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Bad blood

21 December 2015 By Robert Cyran

Theranos, the privately held blood-analysis company valued at $9 billion, faces new charges of finagling with its herpes test, a product essential to its success, according to the Wall Street Journal. Unless the firm wins vindication from independent experts, the damage may be too serious to fix. That harms similar startups, whose survival depends on investor trust.

The U.S. Food and Drug Administration is investigating claims by former employees that Theranos continued administering tests despite allegations of inaccuracy. One contention is that the company modified its equipment while its herpes study was already underway. That would be a fundamental violation of research practices. The company denies it did anything wrong, and says it provided complete and accurate information to regulators.

This isn’t just any kerfuffle. A big part of Theranos’ valuation is based on its proprietary technology for detecting medical conditions cheaply and effectively, using miniscule blood samples. The company aims to roll out more than 100 tests with the FDA’s blessing. The problem is that Theranos hasn’t subjected its technology and methods to experts’ strict review. With the news of the investigation, its precarious situation could reflect badly on all so-called unicorns, private startups ostensibly valued at $1 billion or more.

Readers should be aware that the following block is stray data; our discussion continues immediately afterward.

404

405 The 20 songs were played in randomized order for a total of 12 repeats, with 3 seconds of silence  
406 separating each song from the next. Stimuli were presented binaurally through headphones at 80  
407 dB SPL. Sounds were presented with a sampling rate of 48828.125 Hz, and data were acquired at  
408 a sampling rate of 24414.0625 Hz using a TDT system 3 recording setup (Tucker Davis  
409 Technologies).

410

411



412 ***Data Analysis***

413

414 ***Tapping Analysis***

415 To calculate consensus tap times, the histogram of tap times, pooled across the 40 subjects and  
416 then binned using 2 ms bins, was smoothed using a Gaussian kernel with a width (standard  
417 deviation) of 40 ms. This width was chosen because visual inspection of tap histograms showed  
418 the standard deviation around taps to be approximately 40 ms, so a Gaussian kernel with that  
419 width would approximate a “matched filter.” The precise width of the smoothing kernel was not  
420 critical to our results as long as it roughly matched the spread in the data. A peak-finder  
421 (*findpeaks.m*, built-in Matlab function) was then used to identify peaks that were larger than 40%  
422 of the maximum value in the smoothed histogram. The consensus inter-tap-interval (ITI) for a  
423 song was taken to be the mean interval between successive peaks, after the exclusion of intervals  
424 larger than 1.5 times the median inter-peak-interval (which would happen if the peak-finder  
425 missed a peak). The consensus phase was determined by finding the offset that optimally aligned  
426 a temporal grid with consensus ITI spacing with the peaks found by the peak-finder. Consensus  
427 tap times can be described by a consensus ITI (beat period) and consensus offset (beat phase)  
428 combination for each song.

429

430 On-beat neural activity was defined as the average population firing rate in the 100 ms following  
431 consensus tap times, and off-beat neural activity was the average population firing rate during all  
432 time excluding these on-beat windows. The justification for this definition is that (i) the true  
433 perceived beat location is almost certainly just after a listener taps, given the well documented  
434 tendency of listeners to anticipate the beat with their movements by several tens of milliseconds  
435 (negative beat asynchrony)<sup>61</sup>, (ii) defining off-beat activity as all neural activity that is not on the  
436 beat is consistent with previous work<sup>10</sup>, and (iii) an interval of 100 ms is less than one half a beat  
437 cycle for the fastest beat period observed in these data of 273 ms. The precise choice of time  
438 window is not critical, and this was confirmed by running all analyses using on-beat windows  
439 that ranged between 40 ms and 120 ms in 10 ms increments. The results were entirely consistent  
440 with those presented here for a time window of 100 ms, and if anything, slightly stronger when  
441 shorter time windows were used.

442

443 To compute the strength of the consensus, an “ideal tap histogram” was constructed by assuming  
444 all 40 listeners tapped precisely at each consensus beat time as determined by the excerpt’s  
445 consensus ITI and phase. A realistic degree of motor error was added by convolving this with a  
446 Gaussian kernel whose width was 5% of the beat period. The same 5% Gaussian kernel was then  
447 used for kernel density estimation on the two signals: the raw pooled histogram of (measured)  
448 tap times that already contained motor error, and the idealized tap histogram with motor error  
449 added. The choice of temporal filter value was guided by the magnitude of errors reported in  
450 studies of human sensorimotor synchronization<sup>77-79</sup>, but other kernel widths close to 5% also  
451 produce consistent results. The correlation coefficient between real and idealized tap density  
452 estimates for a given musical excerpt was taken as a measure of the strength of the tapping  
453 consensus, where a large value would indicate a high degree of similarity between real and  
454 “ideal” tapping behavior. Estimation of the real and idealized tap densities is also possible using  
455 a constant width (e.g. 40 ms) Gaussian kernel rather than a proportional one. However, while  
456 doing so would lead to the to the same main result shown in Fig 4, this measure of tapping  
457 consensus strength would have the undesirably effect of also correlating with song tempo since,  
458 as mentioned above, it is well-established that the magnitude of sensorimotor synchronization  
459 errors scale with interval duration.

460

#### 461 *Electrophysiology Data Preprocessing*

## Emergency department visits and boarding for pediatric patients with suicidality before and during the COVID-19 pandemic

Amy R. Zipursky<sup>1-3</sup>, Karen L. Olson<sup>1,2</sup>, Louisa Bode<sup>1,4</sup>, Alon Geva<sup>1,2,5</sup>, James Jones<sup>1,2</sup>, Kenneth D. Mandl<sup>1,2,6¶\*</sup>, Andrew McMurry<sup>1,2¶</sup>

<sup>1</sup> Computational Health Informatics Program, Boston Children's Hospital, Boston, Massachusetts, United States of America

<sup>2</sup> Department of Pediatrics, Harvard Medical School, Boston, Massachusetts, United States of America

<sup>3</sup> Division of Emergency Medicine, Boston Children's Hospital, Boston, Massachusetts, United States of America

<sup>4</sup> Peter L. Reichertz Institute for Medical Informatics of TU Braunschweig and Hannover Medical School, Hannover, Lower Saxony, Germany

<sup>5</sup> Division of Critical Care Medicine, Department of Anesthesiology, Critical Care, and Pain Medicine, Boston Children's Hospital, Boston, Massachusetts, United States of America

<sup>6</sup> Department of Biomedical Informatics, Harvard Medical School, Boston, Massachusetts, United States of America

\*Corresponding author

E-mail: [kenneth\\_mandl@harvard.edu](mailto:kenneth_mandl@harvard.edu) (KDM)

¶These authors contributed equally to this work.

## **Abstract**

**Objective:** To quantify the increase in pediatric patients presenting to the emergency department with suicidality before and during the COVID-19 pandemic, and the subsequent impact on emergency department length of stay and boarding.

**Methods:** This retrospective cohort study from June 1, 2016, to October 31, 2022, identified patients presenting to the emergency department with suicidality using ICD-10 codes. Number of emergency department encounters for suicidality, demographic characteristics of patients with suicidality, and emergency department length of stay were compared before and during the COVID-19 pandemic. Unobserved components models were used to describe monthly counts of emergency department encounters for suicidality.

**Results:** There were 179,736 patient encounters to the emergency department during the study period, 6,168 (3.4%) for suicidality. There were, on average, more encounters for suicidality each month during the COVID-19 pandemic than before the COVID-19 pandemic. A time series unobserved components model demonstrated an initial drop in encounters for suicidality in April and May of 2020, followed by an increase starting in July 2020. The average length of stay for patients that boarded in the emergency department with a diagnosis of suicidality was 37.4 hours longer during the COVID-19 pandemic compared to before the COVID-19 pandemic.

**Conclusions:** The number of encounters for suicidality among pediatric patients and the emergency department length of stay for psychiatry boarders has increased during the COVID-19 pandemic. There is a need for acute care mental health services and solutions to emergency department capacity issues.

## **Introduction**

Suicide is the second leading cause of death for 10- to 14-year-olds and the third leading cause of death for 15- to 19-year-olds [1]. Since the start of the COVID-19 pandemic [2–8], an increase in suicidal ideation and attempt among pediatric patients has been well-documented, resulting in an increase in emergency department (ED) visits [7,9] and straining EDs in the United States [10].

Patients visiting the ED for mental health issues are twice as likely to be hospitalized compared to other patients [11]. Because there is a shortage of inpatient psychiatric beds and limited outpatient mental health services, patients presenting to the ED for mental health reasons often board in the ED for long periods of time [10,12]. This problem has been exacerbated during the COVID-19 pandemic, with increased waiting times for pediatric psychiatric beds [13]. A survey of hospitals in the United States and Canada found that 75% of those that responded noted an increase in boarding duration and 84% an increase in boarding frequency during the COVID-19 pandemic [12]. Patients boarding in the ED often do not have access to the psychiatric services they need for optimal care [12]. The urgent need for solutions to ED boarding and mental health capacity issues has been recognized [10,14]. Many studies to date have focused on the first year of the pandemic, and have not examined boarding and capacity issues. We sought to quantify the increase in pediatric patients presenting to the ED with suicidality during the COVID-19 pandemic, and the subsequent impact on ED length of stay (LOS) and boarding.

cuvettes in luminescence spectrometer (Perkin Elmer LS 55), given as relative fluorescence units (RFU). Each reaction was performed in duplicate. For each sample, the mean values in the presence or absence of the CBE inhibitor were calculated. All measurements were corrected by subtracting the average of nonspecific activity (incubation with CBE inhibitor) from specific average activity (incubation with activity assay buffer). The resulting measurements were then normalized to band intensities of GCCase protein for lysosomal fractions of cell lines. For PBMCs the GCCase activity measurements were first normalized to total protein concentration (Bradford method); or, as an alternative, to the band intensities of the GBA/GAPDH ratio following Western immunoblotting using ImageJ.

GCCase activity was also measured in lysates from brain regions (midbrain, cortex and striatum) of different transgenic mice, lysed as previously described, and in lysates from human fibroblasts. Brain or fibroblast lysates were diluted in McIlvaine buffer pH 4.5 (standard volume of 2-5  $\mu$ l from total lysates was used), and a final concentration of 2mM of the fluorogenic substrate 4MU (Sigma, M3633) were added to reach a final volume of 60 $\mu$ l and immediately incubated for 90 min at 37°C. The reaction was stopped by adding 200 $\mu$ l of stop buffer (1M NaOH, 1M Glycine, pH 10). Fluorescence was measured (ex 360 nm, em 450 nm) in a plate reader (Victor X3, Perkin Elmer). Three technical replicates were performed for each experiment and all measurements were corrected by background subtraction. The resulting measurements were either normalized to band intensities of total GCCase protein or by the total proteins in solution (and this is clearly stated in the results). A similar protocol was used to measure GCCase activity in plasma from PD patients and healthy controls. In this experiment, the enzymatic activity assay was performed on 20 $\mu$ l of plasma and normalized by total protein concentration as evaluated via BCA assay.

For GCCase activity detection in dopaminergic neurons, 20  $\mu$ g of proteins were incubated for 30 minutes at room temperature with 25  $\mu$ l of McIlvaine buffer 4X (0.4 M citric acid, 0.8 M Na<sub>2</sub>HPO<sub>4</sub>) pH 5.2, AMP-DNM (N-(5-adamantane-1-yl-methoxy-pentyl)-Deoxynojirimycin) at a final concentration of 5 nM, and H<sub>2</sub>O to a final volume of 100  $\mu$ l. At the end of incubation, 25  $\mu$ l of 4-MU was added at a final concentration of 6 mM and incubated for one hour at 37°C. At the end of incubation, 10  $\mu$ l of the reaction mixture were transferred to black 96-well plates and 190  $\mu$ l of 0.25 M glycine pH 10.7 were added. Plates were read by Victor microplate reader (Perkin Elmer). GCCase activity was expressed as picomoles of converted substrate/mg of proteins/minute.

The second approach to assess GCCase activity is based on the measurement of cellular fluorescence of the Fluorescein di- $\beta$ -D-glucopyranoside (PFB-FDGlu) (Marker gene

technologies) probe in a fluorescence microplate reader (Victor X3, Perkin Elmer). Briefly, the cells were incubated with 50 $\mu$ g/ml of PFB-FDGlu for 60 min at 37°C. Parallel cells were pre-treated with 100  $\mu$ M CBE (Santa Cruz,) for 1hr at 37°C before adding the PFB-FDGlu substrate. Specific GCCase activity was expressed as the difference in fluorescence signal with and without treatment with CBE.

There are more than 140 unicorns, according to CB Insights. While publicly traded companies must disclose reams of information, including audited financial statements, private firms don’t face anywhere near as much scrutiny. In fact, that’s one reason many large enterprises choose to remain private.

The lack of disclosure means that investors must in many ways take what unicorns tell them on faith. That will be harder to do in the wake of Theranos’ self-inflicted wounds, a development that could hobble all single-horned creatures.

 

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